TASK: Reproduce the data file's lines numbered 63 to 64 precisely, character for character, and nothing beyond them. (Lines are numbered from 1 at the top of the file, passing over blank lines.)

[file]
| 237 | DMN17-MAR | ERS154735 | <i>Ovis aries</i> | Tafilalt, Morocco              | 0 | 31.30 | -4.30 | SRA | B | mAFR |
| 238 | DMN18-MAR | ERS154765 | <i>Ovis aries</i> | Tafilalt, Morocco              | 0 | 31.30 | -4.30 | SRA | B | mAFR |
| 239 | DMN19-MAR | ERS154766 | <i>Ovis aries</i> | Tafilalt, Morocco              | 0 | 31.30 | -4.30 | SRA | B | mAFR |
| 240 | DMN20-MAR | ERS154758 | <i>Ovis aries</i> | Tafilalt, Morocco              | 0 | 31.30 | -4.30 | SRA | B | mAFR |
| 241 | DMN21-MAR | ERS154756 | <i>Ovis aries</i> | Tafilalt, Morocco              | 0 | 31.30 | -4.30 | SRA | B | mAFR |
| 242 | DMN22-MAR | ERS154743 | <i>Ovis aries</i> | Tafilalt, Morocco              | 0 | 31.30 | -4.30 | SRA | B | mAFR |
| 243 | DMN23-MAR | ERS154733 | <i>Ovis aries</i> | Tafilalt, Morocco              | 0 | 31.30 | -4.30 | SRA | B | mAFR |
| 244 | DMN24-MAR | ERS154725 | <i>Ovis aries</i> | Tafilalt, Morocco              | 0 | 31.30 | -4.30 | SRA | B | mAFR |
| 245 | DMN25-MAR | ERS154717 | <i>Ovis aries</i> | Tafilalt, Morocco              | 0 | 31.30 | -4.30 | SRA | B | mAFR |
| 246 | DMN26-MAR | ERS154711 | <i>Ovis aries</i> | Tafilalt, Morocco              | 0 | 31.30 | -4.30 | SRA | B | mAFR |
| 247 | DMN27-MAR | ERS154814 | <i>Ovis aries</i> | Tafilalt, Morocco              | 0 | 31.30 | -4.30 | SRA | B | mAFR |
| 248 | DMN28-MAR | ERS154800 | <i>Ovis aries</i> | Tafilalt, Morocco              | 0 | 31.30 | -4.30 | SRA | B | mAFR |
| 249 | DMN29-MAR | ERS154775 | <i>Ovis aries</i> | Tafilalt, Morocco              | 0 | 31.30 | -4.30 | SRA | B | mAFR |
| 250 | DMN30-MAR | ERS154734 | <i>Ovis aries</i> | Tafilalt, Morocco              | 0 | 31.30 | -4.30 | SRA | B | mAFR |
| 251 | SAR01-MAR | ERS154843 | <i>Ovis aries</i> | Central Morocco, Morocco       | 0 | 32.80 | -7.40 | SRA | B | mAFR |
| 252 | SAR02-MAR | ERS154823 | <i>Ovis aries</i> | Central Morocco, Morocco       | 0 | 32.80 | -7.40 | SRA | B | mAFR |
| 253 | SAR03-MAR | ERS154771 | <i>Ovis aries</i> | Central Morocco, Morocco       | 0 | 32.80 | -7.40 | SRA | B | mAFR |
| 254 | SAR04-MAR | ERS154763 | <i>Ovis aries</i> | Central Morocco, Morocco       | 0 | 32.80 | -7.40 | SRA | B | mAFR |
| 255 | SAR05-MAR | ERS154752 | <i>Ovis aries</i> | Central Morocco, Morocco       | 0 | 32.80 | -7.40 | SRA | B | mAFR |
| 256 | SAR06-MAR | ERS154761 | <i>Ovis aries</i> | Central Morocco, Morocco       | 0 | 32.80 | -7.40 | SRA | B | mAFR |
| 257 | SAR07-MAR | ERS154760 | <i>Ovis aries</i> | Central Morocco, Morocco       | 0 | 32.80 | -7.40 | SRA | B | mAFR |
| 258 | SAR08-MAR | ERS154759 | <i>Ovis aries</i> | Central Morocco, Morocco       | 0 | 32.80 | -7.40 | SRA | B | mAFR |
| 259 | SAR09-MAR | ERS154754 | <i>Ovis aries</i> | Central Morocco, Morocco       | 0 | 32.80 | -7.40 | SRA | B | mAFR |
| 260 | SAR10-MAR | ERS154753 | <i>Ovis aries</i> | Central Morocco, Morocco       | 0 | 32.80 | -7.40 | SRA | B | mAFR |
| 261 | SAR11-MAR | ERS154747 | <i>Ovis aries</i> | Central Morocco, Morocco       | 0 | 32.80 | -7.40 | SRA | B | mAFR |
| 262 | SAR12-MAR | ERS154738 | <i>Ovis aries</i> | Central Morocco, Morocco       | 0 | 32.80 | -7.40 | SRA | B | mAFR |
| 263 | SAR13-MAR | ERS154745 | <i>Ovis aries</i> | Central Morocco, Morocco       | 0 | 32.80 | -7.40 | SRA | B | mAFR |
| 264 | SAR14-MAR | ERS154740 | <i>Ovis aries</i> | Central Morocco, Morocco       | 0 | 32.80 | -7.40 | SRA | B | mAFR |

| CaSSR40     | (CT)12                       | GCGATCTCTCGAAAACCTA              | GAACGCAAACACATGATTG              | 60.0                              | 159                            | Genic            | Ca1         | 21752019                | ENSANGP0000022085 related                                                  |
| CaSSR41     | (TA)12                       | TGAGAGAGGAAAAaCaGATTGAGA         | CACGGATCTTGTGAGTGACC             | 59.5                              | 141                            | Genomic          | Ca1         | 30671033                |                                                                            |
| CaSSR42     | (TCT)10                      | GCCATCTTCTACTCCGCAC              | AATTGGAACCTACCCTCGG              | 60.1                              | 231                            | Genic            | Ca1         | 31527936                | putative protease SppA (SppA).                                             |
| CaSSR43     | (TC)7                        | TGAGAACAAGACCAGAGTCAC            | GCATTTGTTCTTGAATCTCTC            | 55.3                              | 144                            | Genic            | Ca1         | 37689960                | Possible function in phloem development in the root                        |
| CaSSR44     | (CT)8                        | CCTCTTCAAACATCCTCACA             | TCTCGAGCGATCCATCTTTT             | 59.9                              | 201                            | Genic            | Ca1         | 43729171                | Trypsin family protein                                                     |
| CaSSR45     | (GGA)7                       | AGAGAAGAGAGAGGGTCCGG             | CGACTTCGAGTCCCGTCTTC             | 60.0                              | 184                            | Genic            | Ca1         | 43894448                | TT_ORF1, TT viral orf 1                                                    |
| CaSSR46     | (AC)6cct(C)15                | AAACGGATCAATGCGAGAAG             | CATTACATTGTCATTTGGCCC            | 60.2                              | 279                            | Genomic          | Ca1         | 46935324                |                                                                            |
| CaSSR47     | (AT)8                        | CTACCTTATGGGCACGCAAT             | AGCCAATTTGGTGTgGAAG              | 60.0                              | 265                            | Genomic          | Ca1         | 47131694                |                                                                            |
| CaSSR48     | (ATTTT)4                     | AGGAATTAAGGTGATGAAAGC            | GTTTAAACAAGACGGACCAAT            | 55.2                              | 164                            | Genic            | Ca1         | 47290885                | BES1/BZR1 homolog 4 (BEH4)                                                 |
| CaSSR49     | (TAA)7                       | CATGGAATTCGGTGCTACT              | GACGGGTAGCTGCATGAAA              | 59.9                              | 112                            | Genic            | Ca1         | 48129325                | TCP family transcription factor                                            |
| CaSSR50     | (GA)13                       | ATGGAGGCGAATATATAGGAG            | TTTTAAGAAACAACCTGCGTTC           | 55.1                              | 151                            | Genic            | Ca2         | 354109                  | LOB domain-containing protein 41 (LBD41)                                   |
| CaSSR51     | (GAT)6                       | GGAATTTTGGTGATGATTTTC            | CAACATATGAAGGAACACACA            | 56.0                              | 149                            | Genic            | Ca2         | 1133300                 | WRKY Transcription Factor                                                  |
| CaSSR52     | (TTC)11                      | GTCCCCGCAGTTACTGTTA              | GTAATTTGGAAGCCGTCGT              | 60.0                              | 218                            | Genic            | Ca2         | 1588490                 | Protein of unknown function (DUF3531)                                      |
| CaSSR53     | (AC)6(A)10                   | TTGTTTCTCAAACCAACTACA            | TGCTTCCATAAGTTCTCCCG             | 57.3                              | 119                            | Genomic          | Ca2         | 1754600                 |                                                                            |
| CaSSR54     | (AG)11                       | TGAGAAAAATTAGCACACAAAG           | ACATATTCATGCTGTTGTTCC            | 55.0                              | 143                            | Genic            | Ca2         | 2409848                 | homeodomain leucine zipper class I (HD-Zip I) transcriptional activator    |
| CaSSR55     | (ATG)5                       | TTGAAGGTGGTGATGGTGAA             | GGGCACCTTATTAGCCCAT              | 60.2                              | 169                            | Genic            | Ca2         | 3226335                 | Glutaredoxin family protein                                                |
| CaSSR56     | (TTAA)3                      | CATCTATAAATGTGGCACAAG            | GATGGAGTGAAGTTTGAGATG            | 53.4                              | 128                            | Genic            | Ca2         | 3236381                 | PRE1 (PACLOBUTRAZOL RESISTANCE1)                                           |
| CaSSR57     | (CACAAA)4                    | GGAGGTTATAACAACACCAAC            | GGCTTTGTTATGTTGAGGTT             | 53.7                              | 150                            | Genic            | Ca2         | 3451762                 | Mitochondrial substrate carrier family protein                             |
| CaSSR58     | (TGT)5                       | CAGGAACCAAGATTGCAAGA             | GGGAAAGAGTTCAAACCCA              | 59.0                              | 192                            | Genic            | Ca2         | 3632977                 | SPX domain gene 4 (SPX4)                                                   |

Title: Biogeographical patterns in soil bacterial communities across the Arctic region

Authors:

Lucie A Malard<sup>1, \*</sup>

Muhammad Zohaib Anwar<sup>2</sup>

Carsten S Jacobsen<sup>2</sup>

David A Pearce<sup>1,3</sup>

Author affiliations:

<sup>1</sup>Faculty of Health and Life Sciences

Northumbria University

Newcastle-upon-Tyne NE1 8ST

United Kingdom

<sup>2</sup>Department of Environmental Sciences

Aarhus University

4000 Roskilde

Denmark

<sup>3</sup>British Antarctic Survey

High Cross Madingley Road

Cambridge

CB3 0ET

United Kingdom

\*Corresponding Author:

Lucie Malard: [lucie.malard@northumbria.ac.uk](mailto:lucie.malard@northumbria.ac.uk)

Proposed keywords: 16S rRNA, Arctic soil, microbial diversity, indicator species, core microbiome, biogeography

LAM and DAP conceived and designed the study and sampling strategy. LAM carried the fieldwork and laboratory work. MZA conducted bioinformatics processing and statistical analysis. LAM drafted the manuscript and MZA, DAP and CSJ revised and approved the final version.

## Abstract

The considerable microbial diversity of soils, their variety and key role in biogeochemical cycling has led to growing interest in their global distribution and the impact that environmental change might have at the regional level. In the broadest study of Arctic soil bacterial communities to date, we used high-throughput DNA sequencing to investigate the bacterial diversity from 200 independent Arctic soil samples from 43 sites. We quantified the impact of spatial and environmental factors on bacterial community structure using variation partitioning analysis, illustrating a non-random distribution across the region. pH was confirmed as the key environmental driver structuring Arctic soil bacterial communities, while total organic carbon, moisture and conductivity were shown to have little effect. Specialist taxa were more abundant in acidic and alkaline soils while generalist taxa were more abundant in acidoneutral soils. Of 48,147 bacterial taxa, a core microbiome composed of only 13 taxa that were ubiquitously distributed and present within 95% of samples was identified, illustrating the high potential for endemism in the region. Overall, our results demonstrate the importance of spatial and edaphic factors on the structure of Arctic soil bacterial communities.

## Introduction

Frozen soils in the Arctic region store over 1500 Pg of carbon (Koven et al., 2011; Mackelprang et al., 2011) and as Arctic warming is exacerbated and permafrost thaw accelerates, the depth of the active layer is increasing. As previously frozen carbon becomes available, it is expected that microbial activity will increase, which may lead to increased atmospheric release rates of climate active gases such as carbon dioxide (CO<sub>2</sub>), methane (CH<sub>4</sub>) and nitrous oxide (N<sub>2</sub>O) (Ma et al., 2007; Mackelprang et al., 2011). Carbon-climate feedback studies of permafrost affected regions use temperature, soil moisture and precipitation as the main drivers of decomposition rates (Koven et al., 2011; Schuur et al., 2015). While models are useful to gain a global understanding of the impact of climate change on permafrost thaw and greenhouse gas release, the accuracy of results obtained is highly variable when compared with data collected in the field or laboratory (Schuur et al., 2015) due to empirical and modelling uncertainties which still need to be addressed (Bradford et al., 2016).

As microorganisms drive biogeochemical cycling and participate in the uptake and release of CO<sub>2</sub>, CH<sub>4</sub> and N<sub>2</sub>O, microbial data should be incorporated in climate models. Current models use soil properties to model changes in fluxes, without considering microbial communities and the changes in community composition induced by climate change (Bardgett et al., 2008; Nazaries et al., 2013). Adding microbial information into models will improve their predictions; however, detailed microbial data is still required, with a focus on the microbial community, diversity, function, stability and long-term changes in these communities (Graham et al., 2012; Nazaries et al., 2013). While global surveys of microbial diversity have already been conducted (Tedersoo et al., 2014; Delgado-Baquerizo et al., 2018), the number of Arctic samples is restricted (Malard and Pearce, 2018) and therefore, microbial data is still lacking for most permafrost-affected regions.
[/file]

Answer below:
<sup>3</sup>British Antarctic Survey

High Cross Madingley Road